The pandemic has changed the national economic priorities dramatically | The Daily Star
12:00 AM, June 10, 2020 / LAST MODIFIED: 01:20 AM, June 10, 2020

The pandemic has changed the national economic priorities dramatically

Dr Zahid Hussain served as a Lead Economist in the Macro, Trade and Investment Global Practice of the World Bank. Since joining the World Bank in 1995, he has worked on several of the organisation's flagship reports on Bangladesh. Prior to that, he was a member of academia, with 14 years of teaching experience in a number of universities in Bangladesh and abroad. In an interview with Eresh Omar Jamal of The Daily Star, Dr Hussain talks about how the Covid-19 pandemic and the various challenges it has given rise to are expected to affect the Bangladesh budget for FY2020-21.

 

The national budget for FY2020-21 is being formulated during a time of global pandemic. How does that change the process of budget creation?

 

The pandemic caused the process to be affected in a number of ways. The preparation of inputs for the budget was delayed because of disruptions caused by the pandemic. The Bangladesh Bureau of Statistics (BBS) could not prepare the preliminary GDP growth estimates in time. Bangladesh Bank could not update their monetary and financial database.

Because of prolonged public holidays, the budget consultation process could not be carried out in line with past practices. Inter-ministerial meetings to discuss various ideas and the demands for appropriations submitted by the line ministries in their Call Notice submissions could not be held as extensively as the government would have liked it. The government had no option but to seek inputs from stakeholders on their websites and a few online webinars. Economists and business leaders expressed their views through the print media and television talk shows as well as interviews.

 

What has this crisis exposed in terms of the state's inability to meet universal basic needs such as healthcare, social security, etc.? In what ways are those failures connected to past budgets and budgetary allocations?

 

Covid-19 has exposed the gross inadequacies of our health and social protection systems. The healthcare system is so overwhelmed and badly managed that the public is now afraid of seeking healthcare from the public and private institutions. In some sense, we have seen both the market and government unravel in proportions never experienced before.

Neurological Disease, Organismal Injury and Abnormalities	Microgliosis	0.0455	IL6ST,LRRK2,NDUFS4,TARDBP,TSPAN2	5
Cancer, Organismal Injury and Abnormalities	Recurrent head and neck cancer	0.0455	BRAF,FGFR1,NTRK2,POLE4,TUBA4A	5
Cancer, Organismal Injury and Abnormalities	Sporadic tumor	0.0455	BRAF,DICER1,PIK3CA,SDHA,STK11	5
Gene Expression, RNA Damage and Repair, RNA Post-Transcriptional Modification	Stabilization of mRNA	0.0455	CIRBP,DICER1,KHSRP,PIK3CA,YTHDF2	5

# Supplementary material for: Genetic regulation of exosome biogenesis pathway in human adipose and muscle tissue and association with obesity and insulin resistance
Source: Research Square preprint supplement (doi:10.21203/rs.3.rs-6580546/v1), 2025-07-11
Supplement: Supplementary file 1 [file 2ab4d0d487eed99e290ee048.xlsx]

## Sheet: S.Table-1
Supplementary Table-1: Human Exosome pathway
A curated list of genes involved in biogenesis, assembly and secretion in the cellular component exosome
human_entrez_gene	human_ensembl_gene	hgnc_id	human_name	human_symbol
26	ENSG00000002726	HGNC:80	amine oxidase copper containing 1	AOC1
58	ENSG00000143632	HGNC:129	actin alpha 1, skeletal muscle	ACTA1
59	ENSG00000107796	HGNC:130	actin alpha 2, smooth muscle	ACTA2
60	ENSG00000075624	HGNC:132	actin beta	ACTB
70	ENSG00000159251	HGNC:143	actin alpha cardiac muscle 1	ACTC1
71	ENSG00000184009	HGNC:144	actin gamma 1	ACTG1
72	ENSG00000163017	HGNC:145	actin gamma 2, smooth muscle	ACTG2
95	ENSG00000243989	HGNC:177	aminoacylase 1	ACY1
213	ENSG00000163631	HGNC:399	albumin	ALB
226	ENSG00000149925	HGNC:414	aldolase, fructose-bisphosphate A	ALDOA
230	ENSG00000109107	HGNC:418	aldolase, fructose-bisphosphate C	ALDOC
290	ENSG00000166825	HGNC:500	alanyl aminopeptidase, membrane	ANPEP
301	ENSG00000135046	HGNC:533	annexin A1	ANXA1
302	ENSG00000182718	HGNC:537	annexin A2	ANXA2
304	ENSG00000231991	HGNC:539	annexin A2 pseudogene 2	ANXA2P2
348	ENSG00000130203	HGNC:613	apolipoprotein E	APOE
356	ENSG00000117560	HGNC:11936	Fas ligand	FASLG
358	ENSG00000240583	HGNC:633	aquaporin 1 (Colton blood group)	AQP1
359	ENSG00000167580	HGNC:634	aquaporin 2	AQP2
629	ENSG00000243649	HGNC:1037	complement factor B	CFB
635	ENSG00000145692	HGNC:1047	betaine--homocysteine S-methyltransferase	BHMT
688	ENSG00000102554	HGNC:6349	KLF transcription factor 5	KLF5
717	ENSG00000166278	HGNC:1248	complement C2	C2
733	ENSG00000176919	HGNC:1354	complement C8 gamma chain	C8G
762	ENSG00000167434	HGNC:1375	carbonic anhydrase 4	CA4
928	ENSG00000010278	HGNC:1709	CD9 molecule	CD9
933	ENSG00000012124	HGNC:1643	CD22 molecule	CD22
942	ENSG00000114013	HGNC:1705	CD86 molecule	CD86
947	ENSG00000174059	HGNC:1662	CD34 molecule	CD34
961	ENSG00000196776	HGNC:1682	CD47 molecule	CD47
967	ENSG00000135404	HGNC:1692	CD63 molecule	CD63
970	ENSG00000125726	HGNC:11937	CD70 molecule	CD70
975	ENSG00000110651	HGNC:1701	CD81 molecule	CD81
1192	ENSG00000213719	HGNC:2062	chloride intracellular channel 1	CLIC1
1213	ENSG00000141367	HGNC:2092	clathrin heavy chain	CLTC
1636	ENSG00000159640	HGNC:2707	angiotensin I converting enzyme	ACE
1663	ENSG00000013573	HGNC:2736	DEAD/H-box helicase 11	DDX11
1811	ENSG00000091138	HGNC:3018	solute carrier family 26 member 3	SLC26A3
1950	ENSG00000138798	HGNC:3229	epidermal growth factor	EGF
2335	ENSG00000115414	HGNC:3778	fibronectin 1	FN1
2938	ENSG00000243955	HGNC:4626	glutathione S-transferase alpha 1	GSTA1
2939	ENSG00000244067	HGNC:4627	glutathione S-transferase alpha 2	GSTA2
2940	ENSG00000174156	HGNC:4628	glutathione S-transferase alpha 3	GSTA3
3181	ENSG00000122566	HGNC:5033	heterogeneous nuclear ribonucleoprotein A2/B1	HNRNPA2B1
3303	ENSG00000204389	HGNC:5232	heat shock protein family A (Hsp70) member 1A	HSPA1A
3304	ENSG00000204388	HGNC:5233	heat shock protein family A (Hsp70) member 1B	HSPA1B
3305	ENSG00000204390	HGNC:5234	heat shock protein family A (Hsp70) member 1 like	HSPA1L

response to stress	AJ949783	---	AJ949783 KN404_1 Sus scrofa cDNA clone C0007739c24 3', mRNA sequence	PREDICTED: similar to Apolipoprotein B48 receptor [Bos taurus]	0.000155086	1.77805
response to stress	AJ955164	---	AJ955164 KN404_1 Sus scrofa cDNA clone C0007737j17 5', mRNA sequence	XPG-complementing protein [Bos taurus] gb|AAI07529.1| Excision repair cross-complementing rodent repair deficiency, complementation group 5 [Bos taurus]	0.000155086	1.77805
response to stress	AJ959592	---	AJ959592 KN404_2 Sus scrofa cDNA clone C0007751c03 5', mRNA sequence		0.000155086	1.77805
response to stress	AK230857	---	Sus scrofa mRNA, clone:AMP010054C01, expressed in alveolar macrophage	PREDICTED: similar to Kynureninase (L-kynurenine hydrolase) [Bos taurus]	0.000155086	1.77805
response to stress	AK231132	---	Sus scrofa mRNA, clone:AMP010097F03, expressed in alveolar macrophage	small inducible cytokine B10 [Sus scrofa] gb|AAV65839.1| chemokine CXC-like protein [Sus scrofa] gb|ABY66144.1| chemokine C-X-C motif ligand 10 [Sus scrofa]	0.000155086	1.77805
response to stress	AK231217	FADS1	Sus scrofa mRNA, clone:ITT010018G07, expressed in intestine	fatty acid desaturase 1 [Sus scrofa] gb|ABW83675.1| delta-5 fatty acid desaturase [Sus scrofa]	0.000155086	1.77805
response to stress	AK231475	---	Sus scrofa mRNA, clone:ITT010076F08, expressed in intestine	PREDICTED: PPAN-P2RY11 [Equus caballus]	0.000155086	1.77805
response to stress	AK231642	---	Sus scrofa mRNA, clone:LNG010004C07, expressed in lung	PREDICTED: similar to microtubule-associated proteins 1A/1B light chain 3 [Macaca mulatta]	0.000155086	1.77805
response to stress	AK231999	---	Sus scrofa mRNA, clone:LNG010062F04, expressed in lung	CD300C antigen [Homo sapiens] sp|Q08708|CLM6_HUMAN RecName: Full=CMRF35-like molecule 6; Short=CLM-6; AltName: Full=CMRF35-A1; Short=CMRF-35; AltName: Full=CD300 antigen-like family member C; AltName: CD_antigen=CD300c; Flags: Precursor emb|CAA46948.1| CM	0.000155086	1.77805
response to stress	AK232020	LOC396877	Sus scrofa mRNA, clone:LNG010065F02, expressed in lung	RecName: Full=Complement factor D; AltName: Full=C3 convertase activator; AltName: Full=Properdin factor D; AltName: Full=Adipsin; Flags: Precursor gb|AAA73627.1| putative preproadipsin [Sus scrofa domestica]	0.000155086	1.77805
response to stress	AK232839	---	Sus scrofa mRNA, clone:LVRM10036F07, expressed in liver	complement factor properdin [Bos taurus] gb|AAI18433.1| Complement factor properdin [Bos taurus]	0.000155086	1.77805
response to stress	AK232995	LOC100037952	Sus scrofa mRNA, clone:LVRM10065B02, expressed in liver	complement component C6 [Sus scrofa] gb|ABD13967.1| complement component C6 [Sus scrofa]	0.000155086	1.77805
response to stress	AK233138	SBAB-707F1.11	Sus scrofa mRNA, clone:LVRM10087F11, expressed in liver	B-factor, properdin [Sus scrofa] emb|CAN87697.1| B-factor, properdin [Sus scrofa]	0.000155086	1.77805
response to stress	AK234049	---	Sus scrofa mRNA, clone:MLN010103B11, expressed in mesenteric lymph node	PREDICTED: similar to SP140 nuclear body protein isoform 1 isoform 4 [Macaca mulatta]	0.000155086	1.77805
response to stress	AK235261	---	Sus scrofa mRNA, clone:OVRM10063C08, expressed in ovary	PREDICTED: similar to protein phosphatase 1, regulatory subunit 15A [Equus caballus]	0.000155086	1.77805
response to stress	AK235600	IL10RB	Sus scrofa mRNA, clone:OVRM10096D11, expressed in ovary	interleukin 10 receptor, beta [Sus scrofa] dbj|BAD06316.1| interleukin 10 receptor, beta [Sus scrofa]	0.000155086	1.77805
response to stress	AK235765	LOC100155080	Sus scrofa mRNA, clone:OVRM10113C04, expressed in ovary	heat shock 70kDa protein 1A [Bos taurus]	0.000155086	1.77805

Health, education and social protection have been the three most palpable areas of budget neglect over the years. In Bangladesh, public expenditure as a share of GDP in each of these sectors have been abysmally low, even if they are compared with countries that have had a similar level of per capita income with ours. Adding to this inadequacy of the budget is the low quality of expenditures in each of the three sectors because of bureaucratic red tape, lack of competence, cronyism and corruption. These in turn are underpinned by lack of transparency and accountability.

 

What radical changes should the government make in the structure of the upcoming budget, as compared to previous budgets? And are there any changes that the government will be forced to make, due to current circumstances?

 

The pandemic has changed the national economic priorities dramatically.  Growth and macroeconomic conservatism has given way to tackling the disease, virus transmission and its devastating impact on employment and incomes of the poor and the vulnerable.

The expenditure priorities need to change radically relative to the budgets that were previously prepared during normal times. Health, social protection, education, and agriculture all need to come to the forefront. Expenditures on infrastructure must also be prioritised and spent more wisely to make sure that only those critical for diversification of the economy and at an advanced stage of completion get the needed allocations.

Because of declining revenue mobilisation, the focus on getting value for money has to be increased significantly than the past order of magnitude. Fiscal austerity—i.e., cutting the fiscal deficit—is at a high premium. There is room for austerity in both the non-development (subsidies) and the development budget (projects that can be deferred without much impact on productivity and welfare).

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